Oscar Westra van Holthe - Kind

Equals and hashCode

The methods equals(Object) and hashCode() are used to denote equivalence and exist since before the Java Collections framework. So they should be well understood, right?

Unfortunately, there is still plenty of room for confusion. Especially in relation to database entities (whether modelled as the old EJB'2 or as JPA @Entity classes). The problems occur for two reasons:

  1. It's easy to not adhere to the equals() contract.
  2. While legal, a changing return value from hashCode() or equals() causes undefined behaviour in Map and Set implementations. This causes bugs.

For the initial part of this essay, the hashCode() method will all but be ignored. The reason is that equals() much more difficult to get right. Once we have that correct, hashCode() follows easily.

The contract

According to it's javadoc, the equals method implements an equivalence relation on non-null object references:

The tricky part about this contract is the combination of symmetry, transitivity and inheritance. The reason becomes clear when you have a class structure with non-trivial extensions. Many (relatively) simple implementations either fail to provide symmetry, or transitivity. This is detailed by Angelika Langer & Klaus Kreft in Secrets of equals(). And although they do show in a second installment that it's possible to maintain both symmetry and transitivity by using a Visitor pattern to navigate the class hierarchy, this is much too convoluted for most (if not all) cases.

Considerations for mere mortals

We've seen that if you're really smart, it's possible to create a complex class hierarchy where equals() is fully correctly implemented. Usually though, this is not needed.

To see why, first let us look at our classes. We'll notice there are two basic types. These are behavioural and value classes. Note that the difference is quite subtle: value classes do have some behavior, as guided by the Tell, don't ask principle. Behavioral classes however, never have the need to have data. Important here is that because of the Single Responsibility Principle, a behavioral class cannot become a value class, nor vice versa.

The easiest to handle are behavioural classes. Since they are all about what they do, you'll usually not have many instances, and when you do there'll be no point in comparing them. So you'll use the equals() and hashCode() implementations of java.lang.Object.

For value classes, the class hierarchy becomes important. The choice you need to make, is whether you'll allow subclass instances to be equal to superclass instances. And if you do, whether you'll allow non-trivial extensions. Let's summarize them briefly:

No subclass/superclass instance equality
The easiest to get right, but a bit limited: it's unusable with EJB's, as they often use proxies. Also, this implementation violates the Liskov Substitution Principle: when you substitute an instance with a subclass instance, the result of equals is different. If you don't mind that, a typical implementation looks like this:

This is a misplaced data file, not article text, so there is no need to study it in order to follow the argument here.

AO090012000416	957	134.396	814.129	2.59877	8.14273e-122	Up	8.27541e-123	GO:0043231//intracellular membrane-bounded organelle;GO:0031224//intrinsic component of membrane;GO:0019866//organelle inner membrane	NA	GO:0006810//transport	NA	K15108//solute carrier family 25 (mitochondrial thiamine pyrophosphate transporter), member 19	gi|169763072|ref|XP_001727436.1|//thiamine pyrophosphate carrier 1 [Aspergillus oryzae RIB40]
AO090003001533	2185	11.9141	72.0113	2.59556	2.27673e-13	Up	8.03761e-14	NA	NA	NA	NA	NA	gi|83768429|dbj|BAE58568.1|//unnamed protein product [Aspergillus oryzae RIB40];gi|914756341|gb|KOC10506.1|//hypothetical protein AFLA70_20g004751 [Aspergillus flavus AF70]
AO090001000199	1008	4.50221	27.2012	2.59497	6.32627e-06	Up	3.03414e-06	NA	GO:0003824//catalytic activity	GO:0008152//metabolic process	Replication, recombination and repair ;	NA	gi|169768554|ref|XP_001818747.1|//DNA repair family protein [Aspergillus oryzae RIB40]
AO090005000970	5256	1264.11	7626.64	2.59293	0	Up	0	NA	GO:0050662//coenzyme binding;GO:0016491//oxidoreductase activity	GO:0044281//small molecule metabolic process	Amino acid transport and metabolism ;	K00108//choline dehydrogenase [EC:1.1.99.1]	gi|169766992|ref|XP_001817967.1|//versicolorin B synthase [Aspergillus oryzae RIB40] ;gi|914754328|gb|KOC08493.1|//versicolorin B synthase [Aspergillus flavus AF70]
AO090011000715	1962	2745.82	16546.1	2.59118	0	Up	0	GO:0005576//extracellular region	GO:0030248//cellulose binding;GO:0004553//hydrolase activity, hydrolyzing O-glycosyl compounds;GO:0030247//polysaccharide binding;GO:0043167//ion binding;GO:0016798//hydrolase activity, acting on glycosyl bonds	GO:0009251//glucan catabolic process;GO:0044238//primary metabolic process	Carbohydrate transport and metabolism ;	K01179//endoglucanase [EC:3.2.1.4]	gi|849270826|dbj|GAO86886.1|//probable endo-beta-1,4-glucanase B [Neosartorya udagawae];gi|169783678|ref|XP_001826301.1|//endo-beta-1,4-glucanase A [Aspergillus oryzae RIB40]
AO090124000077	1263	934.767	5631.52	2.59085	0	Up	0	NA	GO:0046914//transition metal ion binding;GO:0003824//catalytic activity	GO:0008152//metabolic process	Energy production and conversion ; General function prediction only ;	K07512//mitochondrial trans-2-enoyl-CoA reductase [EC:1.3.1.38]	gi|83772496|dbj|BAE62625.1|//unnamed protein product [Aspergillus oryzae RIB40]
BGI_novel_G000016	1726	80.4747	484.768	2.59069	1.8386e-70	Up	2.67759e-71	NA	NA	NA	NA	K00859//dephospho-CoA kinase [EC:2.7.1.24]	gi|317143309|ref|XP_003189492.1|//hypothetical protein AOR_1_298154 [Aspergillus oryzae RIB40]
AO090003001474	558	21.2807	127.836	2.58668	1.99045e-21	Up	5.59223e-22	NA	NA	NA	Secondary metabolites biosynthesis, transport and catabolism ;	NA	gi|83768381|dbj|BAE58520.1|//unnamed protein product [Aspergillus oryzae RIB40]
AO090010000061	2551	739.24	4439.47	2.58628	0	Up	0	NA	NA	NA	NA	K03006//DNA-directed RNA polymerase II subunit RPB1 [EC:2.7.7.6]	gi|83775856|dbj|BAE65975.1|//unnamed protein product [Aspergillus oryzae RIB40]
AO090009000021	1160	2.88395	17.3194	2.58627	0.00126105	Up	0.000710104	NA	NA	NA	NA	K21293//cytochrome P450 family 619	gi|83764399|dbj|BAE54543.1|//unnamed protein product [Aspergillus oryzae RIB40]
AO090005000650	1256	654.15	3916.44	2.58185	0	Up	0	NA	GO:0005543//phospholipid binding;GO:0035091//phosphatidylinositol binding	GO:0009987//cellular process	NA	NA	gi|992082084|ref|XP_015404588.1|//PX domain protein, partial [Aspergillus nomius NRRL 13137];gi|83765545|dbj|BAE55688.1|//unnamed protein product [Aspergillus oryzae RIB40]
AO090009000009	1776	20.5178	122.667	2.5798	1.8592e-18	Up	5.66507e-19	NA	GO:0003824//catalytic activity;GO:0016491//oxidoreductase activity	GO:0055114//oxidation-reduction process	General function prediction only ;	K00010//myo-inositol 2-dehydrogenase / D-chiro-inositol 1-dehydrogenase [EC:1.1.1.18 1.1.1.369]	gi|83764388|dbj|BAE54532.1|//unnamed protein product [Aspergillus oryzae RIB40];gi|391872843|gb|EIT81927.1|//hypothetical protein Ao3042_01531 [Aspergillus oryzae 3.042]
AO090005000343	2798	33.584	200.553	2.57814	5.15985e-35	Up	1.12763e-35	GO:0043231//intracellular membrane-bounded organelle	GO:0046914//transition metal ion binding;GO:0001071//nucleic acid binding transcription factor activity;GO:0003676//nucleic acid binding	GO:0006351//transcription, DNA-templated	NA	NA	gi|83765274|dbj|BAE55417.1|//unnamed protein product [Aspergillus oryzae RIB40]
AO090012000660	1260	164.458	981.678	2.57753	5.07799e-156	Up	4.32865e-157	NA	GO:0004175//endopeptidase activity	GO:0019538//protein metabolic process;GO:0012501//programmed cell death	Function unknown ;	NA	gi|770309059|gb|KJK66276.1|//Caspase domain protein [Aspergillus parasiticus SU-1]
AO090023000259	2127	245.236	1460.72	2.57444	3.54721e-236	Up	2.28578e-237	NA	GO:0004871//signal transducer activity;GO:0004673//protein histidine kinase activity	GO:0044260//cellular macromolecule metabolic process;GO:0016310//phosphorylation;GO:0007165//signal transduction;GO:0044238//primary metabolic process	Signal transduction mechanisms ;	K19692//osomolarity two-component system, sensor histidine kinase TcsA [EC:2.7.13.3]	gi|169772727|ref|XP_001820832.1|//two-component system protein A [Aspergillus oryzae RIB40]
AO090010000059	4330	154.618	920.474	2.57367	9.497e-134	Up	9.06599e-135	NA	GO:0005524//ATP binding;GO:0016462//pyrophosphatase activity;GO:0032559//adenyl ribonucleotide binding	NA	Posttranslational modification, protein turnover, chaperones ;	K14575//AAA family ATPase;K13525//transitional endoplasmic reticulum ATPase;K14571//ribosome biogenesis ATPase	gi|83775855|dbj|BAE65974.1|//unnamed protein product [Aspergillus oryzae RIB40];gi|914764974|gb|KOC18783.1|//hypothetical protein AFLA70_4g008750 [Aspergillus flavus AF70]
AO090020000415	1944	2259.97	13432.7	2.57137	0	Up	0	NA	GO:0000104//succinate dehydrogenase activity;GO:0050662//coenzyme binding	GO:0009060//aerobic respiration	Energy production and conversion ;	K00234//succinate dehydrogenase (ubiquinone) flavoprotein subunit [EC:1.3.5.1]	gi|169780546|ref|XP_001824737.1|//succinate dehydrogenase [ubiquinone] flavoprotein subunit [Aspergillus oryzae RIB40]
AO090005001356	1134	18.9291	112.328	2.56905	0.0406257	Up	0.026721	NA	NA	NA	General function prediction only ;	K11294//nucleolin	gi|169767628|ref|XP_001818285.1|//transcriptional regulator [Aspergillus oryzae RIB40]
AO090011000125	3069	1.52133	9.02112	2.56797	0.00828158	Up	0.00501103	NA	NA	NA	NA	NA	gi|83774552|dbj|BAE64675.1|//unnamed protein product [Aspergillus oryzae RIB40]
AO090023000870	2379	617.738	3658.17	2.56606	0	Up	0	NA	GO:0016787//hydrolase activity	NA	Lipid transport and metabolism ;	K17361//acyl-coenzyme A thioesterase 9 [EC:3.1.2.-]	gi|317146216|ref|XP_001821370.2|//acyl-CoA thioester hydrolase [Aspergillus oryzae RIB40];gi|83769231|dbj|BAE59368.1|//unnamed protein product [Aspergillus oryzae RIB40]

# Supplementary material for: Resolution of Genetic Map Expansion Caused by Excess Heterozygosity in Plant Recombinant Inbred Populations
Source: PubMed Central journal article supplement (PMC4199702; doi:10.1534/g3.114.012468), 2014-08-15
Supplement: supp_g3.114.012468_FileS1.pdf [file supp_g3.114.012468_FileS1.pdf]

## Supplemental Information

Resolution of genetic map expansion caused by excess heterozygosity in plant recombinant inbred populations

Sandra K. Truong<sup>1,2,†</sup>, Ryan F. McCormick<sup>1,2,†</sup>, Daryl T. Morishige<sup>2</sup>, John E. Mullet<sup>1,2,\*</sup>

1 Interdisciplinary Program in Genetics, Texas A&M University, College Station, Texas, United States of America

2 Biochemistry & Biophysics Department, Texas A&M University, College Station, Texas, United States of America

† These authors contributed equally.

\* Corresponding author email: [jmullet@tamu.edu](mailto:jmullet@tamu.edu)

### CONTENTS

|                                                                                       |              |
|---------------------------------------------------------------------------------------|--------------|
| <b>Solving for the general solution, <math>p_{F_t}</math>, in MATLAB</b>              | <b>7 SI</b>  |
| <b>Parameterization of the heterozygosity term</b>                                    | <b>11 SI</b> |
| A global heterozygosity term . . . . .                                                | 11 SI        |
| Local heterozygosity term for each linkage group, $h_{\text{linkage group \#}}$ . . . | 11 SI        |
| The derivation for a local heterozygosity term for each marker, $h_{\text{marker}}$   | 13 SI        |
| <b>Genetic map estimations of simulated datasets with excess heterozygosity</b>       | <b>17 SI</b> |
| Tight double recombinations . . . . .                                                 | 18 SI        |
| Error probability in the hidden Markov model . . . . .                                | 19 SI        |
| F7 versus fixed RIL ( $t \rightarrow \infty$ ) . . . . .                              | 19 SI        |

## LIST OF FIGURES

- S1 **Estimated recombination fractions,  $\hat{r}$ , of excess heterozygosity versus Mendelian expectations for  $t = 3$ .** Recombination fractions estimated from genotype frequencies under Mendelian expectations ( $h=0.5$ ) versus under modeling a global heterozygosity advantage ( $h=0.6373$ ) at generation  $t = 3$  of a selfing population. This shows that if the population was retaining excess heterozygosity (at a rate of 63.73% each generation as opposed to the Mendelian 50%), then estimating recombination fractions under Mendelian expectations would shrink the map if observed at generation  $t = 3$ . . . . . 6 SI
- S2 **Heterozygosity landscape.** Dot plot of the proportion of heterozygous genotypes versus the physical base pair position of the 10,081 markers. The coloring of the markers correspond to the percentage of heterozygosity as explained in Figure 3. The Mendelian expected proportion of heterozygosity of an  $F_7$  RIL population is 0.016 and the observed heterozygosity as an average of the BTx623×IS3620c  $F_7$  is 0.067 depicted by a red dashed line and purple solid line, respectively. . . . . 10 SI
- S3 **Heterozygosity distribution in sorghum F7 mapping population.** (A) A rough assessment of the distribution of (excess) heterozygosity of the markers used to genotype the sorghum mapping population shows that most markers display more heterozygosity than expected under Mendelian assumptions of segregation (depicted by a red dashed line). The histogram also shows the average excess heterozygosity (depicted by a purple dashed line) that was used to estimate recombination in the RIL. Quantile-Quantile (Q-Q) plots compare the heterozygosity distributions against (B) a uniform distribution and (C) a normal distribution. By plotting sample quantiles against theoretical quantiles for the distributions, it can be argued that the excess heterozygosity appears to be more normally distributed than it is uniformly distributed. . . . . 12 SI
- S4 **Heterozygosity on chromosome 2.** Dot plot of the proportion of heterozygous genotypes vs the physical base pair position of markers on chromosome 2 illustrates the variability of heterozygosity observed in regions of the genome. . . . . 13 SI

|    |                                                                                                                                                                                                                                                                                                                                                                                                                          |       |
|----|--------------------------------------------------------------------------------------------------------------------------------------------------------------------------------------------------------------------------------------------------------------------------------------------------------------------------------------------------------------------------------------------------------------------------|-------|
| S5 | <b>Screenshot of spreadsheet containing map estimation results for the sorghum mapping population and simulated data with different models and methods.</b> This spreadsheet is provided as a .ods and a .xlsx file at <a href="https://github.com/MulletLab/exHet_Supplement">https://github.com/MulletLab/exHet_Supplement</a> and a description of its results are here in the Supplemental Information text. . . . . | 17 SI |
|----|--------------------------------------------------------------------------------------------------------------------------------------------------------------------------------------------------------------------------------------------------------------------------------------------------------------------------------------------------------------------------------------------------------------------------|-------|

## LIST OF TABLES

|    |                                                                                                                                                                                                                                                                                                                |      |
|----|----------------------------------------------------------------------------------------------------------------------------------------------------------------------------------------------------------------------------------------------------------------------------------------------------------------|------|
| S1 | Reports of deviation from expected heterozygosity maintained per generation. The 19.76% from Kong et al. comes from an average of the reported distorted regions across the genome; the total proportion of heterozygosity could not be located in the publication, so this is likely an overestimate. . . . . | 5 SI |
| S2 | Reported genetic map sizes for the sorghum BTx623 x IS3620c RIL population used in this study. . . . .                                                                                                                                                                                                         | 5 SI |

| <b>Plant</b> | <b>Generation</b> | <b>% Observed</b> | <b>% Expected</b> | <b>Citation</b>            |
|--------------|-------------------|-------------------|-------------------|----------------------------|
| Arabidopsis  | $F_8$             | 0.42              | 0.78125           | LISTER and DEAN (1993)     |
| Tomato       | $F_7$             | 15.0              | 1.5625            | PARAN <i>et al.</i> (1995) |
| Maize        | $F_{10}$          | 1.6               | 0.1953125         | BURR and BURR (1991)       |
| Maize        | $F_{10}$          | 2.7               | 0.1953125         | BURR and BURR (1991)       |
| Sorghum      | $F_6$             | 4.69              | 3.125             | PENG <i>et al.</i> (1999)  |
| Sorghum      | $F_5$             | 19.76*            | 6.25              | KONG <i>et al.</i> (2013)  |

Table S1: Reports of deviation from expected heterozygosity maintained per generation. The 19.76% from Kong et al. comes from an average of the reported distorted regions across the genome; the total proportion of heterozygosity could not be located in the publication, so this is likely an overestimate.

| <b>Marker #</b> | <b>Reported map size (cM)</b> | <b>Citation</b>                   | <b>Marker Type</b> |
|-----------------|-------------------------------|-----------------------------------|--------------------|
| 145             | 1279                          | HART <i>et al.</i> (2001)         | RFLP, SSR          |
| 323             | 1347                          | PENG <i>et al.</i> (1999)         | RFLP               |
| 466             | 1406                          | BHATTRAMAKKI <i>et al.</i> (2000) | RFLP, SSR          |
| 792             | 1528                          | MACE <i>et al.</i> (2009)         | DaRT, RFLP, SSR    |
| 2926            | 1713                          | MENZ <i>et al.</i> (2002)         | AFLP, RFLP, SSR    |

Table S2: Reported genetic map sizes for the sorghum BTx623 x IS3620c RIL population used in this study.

public boolean equals(object obj)
{
	if (this == obj)
	{
		return true;
	}
	if (obj!=null && getClass() == obj.getClass())
	{
		// Cast and compare all relevant fields.
		// Return the result.
	}
	return false; // obj is null or of the wrong class
}
public int hashCode()
{
	final int modifier = 31; // Any odd prime will do.
	// (look at multiple powers of a number in binary to find out why)

	int hashCode = 17; // Any non-zero number will do.
	// Add the following line, adding the hashcode of each relevant field.
	hashCode = hashCode * modifier + 0;
	/*
	 * Hash codes for primitives:
	 * boolean -> value ? 1 : 0
	 * byte, char, short, int -> (int)value
	 * long -> (int)(value^(value>>>32))
	 * float -> floatToIntBits(value)
	 * double -> (int)(doubleToLongBits(value)^(doubleToLongBits(value)>>>32))
	 */
}
Allow only trivial extensions to be equal
A little bit trickier, because you need a final modifier. The downside is severely limited subclassing, but it's usable with EJB's and when you have a data model in a database, subclasses are usually (!) limited anyway. A typical implementation looks like this:
public final boolean equals(object obj)
{
	if (this == obj)
	{
		return true;
	}
	if (obj instanceof MyClass) // Replace with your actual class name
	{
		// Cast and compare all relevant fields.
		// Return the result.
	}
	return false; // obj is null or of the wrong class
}
public final int hashCode()
{
	// Implement as above.
}
Allow complex hierarchies
The most difficult by far. Angelika Langer & Klaus Kreft have detailed a solution for this though.

Entity Java Beans, equality and collections

You might be tempted to use your database's primary key for equals comparisons and hashCode calculations — don't. You'll get subtle bugs when you create an entity, add it to a collection, and then persist it. The reason is that the primary key will first be null, and after persisting it the database / persistence provider will have given it a value. Thus, your Map or Set will give undefined results.

The correct way of implementing equals and hashCode is by using an alternate, natural candidate key. Or, in programming language, final fields that uniquely identify your objects. Such fields do not change during the lifetime of the object, and as such are perfect for use in equals() and hashCode().